The CA High Speed Rail Authority released a draft business plan for 2014, which forecasts slightly lower construction costs and higher operations costs and ridership. The new plan anticipates an increase in shorter trips, leading to lower fares and revenues. However, as previous plans have stated, the bullet train is expected to pay for its own operations costs, without the need of government subsidies. After a public hearing on the plan, the Authority is expected to approve the plan in April, with consideration by the state legislature starting in May.
Once-predominant African-American communities across LA have become Latino-majority and eventually disappeared. However, Leimert Park remains the sole hold-out as the village retains its culture, but is fully aware of the societal changes that may invoke future change. The community successfully fought to have a stop for the future Crenshaw/LAX light rail line added. Even though residents are concerned that the community is in a decline due to retail options elsewhere, the same residents have largely opposed developments that might bring new businesses. Those advocating for a revival believe that any effort should also foster the local arts community as well as local businesses.
Even as the City of Los Angeles advances its bike plan, no one is lost on the reality that biking in LA remains a harrowing ordeal. Los Angeles Times columnist Steve Lopez concluded as much when he joined city bike coordinator Michelle Mowery on a ride that explored some of the new facilities on Glendale Boulevard and 2nd Street (the latter featuring a buffered bike lane in a tunnel) near Downtown LA. Despite new bike lanes running along existing city streets, some of these, including the buffered lane in the aforementioned tunnel, required taking a lane away from car traffic, leading to automobile congestion and frayed nerves. Moreover, drivers perceive that the bike lanes are hardly used for the amount of street space they take. Nevertheless, Mowery states that the city hopes that 5% of all commuters will use bikes even as elements of the bike plan come online in the coming years.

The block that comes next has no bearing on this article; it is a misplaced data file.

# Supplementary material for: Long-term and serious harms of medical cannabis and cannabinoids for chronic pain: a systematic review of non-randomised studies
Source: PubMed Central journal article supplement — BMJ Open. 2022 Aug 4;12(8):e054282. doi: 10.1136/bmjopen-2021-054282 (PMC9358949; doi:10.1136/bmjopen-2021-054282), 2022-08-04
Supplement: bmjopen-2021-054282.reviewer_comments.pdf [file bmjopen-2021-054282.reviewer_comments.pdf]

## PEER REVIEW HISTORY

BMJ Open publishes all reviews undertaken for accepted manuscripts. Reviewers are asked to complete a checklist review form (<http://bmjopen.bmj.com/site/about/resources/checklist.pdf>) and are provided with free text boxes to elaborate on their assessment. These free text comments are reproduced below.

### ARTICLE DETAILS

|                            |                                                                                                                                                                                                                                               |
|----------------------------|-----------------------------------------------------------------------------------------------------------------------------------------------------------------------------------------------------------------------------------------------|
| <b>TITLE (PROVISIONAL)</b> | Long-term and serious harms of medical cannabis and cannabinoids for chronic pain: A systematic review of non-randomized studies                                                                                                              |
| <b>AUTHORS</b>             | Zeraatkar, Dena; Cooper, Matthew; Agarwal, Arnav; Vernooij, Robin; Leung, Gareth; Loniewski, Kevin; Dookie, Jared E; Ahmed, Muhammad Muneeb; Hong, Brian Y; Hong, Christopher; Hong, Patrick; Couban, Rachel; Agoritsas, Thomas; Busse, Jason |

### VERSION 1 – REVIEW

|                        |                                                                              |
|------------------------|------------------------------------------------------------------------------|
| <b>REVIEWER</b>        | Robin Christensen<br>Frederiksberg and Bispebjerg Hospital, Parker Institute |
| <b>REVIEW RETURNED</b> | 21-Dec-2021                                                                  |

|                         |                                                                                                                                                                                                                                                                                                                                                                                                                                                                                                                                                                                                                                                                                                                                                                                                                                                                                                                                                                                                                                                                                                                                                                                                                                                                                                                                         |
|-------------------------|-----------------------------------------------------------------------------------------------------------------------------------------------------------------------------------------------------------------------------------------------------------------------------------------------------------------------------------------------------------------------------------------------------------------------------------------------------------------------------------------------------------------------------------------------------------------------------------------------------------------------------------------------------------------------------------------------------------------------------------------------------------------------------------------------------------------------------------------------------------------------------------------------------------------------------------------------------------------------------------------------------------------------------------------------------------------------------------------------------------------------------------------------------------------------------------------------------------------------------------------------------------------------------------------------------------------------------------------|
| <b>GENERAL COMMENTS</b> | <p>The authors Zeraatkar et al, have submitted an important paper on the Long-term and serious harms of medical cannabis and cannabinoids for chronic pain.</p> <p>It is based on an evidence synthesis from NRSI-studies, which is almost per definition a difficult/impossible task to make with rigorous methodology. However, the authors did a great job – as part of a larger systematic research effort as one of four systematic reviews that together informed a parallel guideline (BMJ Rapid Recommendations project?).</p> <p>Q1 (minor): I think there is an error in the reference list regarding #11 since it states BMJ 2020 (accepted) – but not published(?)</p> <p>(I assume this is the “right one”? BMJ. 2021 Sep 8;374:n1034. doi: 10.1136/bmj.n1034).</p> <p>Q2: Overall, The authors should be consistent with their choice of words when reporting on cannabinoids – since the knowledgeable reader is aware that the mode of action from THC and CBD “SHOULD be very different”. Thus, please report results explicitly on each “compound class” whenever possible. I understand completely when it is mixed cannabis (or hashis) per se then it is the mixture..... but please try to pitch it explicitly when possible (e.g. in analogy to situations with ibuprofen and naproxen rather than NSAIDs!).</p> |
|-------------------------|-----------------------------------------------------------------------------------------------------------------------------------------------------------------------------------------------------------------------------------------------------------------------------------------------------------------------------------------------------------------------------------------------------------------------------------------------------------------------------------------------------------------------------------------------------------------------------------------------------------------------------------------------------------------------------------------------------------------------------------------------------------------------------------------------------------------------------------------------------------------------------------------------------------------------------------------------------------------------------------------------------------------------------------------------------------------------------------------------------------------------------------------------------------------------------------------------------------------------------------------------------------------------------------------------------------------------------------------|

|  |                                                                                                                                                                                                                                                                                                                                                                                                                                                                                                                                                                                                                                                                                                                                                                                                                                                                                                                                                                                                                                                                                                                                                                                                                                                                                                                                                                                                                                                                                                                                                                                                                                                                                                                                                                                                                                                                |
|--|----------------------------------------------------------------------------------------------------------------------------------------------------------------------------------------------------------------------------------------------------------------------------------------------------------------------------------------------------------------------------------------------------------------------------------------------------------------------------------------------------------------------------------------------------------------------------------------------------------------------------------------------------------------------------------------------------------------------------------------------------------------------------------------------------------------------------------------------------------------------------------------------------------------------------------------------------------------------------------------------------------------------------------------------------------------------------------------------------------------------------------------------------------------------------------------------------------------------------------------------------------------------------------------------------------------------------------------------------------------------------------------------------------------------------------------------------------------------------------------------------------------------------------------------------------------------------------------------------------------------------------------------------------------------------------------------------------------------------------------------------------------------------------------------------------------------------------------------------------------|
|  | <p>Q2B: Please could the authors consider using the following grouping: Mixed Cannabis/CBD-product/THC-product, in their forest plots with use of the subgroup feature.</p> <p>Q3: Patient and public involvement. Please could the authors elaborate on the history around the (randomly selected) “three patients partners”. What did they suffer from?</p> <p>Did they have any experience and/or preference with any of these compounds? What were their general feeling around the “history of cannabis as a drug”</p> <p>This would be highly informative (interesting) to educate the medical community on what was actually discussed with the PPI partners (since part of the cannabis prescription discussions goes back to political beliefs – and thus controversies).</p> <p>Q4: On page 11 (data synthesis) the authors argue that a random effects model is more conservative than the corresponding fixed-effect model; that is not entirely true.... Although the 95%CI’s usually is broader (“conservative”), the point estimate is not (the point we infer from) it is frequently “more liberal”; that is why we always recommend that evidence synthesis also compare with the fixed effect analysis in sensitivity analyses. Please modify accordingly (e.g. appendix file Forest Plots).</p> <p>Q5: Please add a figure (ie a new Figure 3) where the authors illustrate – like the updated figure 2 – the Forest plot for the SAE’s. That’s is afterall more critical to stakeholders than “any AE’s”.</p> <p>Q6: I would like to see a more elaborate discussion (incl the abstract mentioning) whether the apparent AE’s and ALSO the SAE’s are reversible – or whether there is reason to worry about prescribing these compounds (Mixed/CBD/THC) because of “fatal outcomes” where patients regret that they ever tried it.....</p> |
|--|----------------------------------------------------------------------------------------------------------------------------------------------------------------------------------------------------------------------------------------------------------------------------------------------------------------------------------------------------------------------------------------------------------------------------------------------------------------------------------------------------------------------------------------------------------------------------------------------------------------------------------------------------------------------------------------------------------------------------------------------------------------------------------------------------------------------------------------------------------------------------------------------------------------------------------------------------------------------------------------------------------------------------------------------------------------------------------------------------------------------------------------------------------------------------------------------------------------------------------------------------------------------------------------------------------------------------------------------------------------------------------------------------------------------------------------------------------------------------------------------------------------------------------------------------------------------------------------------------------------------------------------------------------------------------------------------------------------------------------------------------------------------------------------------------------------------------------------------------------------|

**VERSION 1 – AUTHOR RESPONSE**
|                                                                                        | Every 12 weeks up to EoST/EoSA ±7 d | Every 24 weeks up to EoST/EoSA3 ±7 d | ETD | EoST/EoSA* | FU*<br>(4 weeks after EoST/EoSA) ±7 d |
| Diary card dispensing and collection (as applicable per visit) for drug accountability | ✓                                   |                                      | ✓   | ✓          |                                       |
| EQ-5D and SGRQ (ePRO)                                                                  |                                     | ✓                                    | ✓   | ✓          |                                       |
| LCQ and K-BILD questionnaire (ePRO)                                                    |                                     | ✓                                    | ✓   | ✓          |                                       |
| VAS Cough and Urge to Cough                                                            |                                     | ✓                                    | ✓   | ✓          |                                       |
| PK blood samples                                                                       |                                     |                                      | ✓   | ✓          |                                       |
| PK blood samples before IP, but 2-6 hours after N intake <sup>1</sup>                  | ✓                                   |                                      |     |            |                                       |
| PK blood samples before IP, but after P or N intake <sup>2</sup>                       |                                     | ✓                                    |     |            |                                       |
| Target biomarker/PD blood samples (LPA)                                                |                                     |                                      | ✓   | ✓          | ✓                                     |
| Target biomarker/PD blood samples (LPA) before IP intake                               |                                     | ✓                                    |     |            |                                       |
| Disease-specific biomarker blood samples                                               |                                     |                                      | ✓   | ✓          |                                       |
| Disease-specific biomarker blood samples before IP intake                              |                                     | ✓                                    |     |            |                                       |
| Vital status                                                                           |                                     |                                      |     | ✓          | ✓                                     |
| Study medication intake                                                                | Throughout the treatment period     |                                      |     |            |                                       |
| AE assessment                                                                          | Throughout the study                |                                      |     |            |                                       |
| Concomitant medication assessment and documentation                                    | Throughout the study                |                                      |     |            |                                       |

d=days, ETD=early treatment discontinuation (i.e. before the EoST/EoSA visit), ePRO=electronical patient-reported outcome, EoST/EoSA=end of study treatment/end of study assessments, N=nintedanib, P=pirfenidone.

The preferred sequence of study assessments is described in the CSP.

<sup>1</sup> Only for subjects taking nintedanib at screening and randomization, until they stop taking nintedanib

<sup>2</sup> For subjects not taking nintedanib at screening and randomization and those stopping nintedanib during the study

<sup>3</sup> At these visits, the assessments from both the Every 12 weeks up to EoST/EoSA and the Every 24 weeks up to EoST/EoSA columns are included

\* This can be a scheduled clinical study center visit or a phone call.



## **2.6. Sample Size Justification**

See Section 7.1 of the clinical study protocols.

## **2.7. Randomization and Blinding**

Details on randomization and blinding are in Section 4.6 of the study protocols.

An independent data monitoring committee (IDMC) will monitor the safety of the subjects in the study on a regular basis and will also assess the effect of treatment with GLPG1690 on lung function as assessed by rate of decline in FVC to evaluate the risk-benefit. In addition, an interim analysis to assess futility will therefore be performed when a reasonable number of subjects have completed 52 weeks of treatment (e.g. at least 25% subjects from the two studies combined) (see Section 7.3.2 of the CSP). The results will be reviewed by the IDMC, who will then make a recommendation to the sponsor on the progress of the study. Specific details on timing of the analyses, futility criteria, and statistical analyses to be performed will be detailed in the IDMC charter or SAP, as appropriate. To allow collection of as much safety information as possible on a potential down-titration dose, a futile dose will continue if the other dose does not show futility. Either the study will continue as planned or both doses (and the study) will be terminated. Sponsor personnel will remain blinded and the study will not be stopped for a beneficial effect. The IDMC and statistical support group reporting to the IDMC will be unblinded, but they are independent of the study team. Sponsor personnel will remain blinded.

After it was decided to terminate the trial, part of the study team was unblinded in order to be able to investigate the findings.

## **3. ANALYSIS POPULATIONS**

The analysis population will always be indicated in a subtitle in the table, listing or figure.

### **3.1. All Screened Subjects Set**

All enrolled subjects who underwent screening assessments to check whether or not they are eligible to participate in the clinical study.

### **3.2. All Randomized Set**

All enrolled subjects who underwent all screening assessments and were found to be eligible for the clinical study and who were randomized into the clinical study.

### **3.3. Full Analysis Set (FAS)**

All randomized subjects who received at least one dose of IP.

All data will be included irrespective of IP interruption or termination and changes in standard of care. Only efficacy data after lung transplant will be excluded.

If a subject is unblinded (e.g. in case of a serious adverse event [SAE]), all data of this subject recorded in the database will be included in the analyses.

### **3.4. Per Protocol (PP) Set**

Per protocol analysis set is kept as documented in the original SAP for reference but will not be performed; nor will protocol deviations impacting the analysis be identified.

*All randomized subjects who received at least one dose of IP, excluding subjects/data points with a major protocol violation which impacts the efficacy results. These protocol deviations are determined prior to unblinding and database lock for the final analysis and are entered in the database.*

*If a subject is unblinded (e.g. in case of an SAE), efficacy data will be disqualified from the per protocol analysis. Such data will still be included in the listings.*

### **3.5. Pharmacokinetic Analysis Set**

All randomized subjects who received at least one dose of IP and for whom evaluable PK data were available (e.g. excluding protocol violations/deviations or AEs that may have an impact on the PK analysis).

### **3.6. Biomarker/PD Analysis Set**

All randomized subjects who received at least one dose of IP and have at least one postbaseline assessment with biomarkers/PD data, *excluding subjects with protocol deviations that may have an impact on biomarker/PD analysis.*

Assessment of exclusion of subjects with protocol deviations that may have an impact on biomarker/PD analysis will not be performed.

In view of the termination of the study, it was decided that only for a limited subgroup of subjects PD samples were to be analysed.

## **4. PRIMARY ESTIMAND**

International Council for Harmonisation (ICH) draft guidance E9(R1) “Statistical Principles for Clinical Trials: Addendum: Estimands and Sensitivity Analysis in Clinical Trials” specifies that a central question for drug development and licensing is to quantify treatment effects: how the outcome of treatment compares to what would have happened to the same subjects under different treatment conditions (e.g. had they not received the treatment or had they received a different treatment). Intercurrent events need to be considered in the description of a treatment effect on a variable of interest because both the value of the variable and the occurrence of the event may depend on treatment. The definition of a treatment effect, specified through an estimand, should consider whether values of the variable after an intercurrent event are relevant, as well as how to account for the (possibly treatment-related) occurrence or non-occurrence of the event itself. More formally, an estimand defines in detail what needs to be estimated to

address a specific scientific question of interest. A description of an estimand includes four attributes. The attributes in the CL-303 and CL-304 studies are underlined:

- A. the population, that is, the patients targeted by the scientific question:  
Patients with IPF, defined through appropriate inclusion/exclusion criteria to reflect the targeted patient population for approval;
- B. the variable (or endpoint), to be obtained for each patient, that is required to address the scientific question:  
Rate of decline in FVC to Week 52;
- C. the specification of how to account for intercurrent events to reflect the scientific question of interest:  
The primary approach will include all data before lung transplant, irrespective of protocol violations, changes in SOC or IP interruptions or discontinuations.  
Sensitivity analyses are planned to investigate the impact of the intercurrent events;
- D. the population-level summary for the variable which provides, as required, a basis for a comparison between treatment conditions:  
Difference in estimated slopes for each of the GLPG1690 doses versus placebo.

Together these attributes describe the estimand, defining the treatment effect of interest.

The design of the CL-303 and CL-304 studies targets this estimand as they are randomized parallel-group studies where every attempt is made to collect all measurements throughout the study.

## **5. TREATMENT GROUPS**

Metro is on a roll as the agency schedules public meetings covering a variety of topics. One of the first public hearings on proposed service changes was recently held in Van Nuys, which had a surprisingly good turnout. Riders were generally supportive of the new Line 588X, a proposed express service between the San Fernando Valley and the Westside, despite skipping service to Sherman Oaks. Meetings for other service areas (except South Bay, where no service changes are proposed) are listed in Upcoming Events.
Additionally, Metro is hosting meetings on its arts program, where participants can learn how to form part of the program. A hearing on the proposed fare restructuring will be held on Saturday, March 29. Finally, a pair of meetings updating community members on the Purple Line Extension will be held on Thursday, February 13. Information on these is also listed in Upcoming Events.
Transit advocate Neil Bjornsen has died at the age of 68. Hailing from San Marino High School and earning a Bachelor’s degree in transportation, Bjornsen has advised for Metro and its predecessor agency and served in their Citizens Advisory Councils since 1977. During his tenure, Bjornsen advocated for investments in deferred maintenance and bus and rail safety improvements. Bjornsen also worked with other organizations such as NARP and the Orange Empire Railway Museum.
Last week, the California State Transportation agency released an external review of Caltrans that paints the agency as stagnant and backwards. It offers a refreshingly candid and detailed critique, and more importantly points to a host of critical reforms, starting with a proposed one-month quick start to establish a new mission, vision and goals for the agency. The report recommends the direction come “from the top down and outside in”, to avoid the long-standing status quo at Caltrans where bottoms-up planning via staff just leads to “the culture endorsing itself”.